Humanities, Plain & Simple

Directed by Christine Henseler, Humanities, Plain & Simple is a special 4Humanities project. It is a comprehensive and targeted campaign that calls out to individuals and groups inside and outside of academia to write statements in “plain language” as to why the humanities matter. How has humanities-based thinking directly or indirectly altered or innovated strategies, ideas, research, leadership, learning? The statements will be published on the 4Humanities site and/or in mainstream print publications or digital media sites. The pieces may be of a serious or sarcastic nature; they may be of a few short paragraphs or of several pages; they may address the effects of a particular experience or talk about the Humanities as a whole. The only request is for writers to communicate in the language of everyday life, to address a general audience, and to refer to real-world situations.

We highly welcome the work of individuals from inside and outside of academia, and from inside and outside of the humanities. We are also interested in putting together teams from a variety of backgrounds to write and edit longer essays targeted to specific audiences. If you are interested in this initiative, or would like to submit advocacy statements, please send them to Christine Henseler ( The material will be evaluated by 4Humanities for possible publication and dissemination. All accepted pieces will be posted on the 4Humanities website.

Photo of silos by Jim Witkowski on Unsplash.

Christine Henseler, “Beyond the Silo: An Education Balanced in the Humanities and Sciences is Now More Important Than Ever for the Common Good”

« A Humanities, Plain & Simple Post » By: Christine Henseler We see it so often that we barely notice it anymore. A child shows a love of music or literature and the parent frets. “Get serious”, they tell them. “It’s a nice hobby, but it’s not a career”. The message from parents and educators alike […]

Students at Union College, NY, and their book, Generation Now: Millennials Call For Social Change

Kate Osterholtz, Hayden Paneth, Kathleen Sinatra, with Christine Henseler, “Social Change through Storytelling”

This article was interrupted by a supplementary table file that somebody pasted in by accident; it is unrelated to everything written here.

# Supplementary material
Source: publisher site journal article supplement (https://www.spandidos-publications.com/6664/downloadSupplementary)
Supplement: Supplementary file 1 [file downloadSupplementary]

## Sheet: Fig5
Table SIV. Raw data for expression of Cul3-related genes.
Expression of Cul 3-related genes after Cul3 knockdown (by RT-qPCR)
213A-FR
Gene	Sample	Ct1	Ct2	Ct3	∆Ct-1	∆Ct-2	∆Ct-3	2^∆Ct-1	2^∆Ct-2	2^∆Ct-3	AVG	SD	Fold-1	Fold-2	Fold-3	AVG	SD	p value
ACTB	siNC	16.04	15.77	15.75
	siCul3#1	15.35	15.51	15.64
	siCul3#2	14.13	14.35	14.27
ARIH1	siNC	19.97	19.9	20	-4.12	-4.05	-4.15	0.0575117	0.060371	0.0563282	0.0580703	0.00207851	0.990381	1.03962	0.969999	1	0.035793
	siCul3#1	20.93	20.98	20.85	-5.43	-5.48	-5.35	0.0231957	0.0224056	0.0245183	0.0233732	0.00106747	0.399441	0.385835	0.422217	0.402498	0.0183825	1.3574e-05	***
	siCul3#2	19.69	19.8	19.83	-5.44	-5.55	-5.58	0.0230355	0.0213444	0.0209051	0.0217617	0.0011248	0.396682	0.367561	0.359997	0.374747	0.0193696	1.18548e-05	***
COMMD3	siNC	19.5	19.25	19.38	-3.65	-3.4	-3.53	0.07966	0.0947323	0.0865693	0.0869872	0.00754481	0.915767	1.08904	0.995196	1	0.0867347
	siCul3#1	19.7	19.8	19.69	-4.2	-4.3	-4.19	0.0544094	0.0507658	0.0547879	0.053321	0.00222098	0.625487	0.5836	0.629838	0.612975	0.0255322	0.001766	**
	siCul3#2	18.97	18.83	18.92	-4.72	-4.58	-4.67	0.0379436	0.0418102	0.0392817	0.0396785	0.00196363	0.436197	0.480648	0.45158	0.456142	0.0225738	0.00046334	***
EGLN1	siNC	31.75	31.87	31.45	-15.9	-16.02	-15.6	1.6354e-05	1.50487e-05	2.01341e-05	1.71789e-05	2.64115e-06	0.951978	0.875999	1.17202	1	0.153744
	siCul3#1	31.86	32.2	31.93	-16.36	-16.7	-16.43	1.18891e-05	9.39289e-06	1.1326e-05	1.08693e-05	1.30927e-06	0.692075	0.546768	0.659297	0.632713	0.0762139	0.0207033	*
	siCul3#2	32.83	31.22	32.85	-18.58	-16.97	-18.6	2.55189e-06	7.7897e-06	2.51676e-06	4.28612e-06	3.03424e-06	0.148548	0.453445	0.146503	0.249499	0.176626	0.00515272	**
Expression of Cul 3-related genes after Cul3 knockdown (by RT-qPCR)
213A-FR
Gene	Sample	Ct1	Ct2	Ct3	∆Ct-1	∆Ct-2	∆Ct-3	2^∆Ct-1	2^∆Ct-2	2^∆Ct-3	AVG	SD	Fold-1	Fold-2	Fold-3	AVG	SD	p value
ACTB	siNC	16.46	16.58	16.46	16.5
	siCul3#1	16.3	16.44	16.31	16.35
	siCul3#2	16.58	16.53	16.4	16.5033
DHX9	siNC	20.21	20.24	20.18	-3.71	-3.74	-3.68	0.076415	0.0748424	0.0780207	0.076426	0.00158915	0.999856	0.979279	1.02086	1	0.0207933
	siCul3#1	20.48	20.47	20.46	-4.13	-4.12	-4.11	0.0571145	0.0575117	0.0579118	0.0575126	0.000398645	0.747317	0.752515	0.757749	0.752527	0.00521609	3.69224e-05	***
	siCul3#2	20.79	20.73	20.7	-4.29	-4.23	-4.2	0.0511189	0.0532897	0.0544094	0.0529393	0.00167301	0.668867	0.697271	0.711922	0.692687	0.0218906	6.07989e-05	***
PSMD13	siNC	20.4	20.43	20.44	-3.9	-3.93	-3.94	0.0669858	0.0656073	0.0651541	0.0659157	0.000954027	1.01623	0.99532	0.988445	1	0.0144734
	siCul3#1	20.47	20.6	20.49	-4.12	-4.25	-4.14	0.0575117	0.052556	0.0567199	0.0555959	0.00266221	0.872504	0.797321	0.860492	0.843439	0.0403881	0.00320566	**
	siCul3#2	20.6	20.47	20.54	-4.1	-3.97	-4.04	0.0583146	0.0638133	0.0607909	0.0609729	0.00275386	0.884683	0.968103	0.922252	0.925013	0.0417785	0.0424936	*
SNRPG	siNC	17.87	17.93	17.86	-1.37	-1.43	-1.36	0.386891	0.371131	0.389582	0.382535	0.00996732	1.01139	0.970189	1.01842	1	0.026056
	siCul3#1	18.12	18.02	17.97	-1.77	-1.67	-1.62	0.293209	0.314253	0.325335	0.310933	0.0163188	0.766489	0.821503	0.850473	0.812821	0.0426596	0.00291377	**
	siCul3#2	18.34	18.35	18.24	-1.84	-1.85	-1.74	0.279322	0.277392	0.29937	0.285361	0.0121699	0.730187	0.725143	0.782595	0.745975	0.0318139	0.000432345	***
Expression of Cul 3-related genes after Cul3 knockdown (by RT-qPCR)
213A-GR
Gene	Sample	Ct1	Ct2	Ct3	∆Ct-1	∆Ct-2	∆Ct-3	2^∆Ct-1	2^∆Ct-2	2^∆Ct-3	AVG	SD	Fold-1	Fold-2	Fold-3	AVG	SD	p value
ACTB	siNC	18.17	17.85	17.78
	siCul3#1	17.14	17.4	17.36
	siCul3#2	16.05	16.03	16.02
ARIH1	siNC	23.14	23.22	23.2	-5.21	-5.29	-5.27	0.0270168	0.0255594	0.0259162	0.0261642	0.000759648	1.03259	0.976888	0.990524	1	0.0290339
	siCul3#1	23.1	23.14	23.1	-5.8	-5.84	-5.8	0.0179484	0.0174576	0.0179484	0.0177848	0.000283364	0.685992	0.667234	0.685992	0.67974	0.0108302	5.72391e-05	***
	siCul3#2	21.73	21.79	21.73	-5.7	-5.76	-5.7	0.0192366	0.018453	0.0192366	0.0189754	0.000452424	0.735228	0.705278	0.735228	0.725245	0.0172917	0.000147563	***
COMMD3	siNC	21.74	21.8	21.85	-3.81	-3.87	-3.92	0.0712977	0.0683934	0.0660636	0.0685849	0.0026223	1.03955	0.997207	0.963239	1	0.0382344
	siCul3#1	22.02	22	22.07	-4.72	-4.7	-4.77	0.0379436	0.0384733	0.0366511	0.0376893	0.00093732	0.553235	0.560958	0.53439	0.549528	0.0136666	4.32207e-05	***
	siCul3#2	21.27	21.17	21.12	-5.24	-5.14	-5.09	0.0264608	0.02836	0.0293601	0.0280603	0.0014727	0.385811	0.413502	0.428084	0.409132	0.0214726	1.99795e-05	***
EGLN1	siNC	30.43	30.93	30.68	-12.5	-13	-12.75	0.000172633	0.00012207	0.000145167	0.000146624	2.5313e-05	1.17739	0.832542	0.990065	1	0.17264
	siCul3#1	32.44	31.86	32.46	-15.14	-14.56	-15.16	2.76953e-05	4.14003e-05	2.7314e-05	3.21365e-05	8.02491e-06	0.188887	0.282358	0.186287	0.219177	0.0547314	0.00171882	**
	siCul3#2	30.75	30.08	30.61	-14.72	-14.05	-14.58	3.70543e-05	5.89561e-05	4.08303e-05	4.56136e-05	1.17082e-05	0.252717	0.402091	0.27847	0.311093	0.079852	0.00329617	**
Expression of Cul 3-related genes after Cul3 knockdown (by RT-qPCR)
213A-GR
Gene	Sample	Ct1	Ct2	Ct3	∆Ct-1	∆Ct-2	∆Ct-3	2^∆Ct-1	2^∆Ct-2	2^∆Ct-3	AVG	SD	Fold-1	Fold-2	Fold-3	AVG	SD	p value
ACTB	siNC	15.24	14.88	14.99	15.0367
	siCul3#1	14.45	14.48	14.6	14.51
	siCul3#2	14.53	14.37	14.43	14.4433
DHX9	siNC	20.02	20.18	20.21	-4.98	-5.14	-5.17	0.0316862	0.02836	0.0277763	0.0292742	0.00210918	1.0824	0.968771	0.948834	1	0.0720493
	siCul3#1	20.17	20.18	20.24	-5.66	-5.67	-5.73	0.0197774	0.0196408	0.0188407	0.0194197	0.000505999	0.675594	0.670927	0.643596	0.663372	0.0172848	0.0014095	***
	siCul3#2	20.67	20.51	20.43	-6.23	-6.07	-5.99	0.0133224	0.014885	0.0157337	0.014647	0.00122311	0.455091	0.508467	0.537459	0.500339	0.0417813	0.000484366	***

How Union College students are publishing a book series on Amazon to raise their voices and affect change « A Humanities, Plain & Simple Post » This article was written by three students who took the “Millennials and Social Change “ class in the spring of 2018 at Union College, NY. It has been pulled […]

Henseler, Christine: Are the Arts and Humanities Worth Your Investment? Making the Case for Our Shared Health and Wealth

A few weeks ago, I opened The Atlantic to read an article about Al Gore’s venture called The Generation Investment Management firm. What I liked about this company’s mission was the extent to which it promoted a long term and socially responsible investment approach that could also lead to increased profits in dollars and cents. Instead of disconnecting “doing the right thing” from “making money,” they believed that a company’s portfolio could include both health and wealth.

Christine Henseler, “The Millennial Perspective: What College Students Say About the Value of the Arts and Humanities”

The high school and college students of today are the workforce of tomorrow. They have a personal interest in the shape of the future, and they are directly affected by national conversations about educational value, access, and cost.

These students are bombarded with messages concerning the usefulness of their college degrees. The practicality of different fields of study. Their employability and salary prospects. In essence, the major question running the show is: What is your worth when you consider the worth of your college degrees?

Although they are directly affected by these messages, college-age students have been largely absent from national conversations about the value of the arts and humanities in higher education, in the professional world and in society at large. It is for this reason that in the winter and spring of 2015, 13 out of 45 applicants were selected for a student fellowship generously granted to the New York Six Liberal Arts Consortium by the Andrew Mellon Foundation.